Wednesday, December 23, 2009

A wintry farewell

Forty eight hours pass. We are unable to extract any news from the insurers. However, we have seen the Golf we propose to buy, a bright blue green colour 1995 'Match' in excellent condition. An affordable bargain, but we still have to wait.

After the Eucharist, two hundred people in church - not for anything Christmassy, but for the funeral of the young mother of two who booked me for the occasion just a couple of weeks ago.

Her husband had composed a beautiful moving poetic tribute to their life together, and this was read by his best friend. The children and close family members placed flowers on her coffin and the children offered some drawings which were blu-tacked to the sides.

As we parted from the church at the end we sang '

"You shall go out with joy and be led forth with peace,
and the mountains and the hills shall break forth before you,
there'll be shoults of joy, and the trees of the field shall clap shall clap their hands."

This was approved at my final meeting with the couple. Philip drove it along nicely on the organ. The first verse was a bit of a struggle, but it picked up in the second. I'd reached to door by the time we finished, turned and started a round of applause, quickly taken up by the congregation, although it was not perhaps what they had expected in their moment of sadness, until they realised that they could make it as their own tribute to a remarkable woman who's shown such honest and courage in the face of her own death.

The traffic was congested and slow driving to the crematorium in heavy sleet, but enough time had been left to ensure we were punctual, and for once we needed that extra because of the poor conditions. After the brief committal, there was a long slow departure. The children cried and dad comforted them, and the entire congregation attempted to comfort them all as they went past, a community of family and friends embracing them with sympathy and compassion. People at their best.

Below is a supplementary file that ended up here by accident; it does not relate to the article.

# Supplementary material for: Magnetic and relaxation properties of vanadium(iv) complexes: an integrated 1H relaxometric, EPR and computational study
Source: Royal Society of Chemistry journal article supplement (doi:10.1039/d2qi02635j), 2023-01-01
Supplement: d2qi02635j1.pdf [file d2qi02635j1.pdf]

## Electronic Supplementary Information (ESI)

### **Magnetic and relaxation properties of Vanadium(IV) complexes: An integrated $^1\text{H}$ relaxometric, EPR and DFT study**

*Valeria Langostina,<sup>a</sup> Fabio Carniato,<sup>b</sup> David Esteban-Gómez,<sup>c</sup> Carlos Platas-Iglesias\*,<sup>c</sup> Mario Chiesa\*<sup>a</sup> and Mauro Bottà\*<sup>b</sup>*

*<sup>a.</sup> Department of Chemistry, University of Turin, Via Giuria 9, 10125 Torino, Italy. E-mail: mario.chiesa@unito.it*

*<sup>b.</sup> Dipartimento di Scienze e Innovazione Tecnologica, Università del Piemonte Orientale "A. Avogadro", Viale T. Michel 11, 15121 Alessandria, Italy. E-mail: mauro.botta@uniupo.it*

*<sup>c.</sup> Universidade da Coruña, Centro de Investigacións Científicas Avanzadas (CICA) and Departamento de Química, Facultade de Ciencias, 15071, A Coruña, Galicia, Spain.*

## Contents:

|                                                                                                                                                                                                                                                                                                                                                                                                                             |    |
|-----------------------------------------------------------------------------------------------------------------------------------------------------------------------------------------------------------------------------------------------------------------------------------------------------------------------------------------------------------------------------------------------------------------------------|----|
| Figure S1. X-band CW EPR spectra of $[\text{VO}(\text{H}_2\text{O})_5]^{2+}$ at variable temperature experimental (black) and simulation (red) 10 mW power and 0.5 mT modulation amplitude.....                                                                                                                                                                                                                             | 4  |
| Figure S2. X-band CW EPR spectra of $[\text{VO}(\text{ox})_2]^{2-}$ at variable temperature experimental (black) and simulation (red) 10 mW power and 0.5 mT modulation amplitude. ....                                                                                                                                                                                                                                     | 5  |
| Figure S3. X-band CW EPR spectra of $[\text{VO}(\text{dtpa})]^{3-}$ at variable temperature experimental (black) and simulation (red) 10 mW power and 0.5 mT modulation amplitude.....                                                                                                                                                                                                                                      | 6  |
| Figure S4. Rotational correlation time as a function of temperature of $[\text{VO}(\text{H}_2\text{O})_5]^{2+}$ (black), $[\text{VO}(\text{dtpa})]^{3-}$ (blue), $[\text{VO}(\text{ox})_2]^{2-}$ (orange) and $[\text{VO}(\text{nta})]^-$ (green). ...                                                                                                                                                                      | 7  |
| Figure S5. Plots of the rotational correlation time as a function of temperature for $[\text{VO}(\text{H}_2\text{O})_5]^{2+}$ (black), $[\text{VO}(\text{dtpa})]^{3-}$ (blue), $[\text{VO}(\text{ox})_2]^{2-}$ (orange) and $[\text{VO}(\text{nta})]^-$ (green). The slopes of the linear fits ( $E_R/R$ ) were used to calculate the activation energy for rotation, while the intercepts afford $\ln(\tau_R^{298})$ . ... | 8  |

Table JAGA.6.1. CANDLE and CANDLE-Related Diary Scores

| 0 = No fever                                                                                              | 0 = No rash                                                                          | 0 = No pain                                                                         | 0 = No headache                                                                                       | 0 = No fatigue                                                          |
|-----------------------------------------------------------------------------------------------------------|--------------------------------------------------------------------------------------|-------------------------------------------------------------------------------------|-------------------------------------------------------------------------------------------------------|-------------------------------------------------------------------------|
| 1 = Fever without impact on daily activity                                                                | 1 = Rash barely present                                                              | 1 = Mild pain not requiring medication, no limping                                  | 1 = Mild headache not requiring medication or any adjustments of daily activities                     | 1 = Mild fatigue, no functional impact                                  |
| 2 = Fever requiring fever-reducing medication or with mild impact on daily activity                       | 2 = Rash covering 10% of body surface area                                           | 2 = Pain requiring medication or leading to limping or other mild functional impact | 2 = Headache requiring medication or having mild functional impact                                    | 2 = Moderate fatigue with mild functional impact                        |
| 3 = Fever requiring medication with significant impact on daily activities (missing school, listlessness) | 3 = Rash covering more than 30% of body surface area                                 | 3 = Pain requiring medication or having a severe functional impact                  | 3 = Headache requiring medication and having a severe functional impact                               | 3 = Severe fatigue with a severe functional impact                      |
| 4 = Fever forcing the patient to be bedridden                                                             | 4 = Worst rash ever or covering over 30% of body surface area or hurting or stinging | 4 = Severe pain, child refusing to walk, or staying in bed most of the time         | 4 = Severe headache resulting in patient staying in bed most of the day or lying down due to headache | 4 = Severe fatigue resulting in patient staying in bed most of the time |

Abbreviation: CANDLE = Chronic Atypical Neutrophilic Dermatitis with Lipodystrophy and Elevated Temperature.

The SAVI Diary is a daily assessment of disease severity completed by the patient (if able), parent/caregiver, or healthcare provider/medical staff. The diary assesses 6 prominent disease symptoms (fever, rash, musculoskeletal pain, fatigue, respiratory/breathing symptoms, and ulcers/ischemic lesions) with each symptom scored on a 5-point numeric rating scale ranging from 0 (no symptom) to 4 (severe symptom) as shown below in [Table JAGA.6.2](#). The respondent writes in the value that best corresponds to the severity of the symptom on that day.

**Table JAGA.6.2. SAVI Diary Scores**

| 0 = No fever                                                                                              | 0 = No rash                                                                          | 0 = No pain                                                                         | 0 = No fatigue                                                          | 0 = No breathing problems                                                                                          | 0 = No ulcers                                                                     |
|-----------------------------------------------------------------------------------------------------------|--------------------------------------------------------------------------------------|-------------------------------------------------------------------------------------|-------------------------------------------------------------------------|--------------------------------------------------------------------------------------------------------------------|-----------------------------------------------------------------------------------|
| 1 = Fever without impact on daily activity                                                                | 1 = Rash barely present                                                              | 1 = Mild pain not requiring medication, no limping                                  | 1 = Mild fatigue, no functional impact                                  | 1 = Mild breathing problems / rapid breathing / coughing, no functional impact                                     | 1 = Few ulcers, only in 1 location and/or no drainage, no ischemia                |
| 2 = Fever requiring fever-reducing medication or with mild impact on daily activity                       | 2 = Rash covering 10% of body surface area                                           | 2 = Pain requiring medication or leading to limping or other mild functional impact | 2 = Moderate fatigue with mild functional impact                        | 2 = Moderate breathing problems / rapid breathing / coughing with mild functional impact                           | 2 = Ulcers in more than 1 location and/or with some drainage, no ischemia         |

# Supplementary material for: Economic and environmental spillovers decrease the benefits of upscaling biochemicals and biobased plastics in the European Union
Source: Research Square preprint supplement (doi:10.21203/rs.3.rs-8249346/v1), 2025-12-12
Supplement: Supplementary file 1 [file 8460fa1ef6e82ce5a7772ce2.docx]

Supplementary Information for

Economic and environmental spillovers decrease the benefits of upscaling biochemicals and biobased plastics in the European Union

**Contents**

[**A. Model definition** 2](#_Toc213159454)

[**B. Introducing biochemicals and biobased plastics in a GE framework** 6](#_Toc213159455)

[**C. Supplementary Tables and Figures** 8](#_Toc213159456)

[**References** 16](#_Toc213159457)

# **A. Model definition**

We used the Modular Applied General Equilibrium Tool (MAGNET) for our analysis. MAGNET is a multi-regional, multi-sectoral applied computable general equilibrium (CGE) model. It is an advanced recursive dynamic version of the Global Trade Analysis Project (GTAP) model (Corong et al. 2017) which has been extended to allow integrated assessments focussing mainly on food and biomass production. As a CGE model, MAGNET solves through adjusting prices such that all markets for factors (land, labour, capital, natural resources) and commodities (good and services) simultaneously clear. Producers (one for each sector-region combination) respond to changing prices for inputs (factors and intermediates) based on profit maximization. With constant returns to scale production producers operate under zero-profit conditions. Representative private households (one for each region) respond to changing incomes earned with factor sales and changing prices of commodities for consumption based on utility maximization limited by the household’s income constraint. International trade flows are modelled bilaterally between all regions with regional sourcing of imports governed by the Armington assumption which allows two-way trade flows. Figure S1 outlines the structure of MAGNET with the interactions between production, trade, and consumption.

There was a reception afterwards at the Llandaff Rowing Club clubhouse, overlooking the weir above the Cathedral. It was the first time I'd been there. Views from there are excellent. As everyone relaxed, the children began to discharge some energy, running around, and then settled back into play, encouraged by some thoughtful adult family and friends. Drinks were purchased, and people began to unwind, catch up with each other and share their recollections. Then it was time for me to head off home by bus, and start setting my mind towards finishing the necessary preparations for Christmas celebrations tomorrow.

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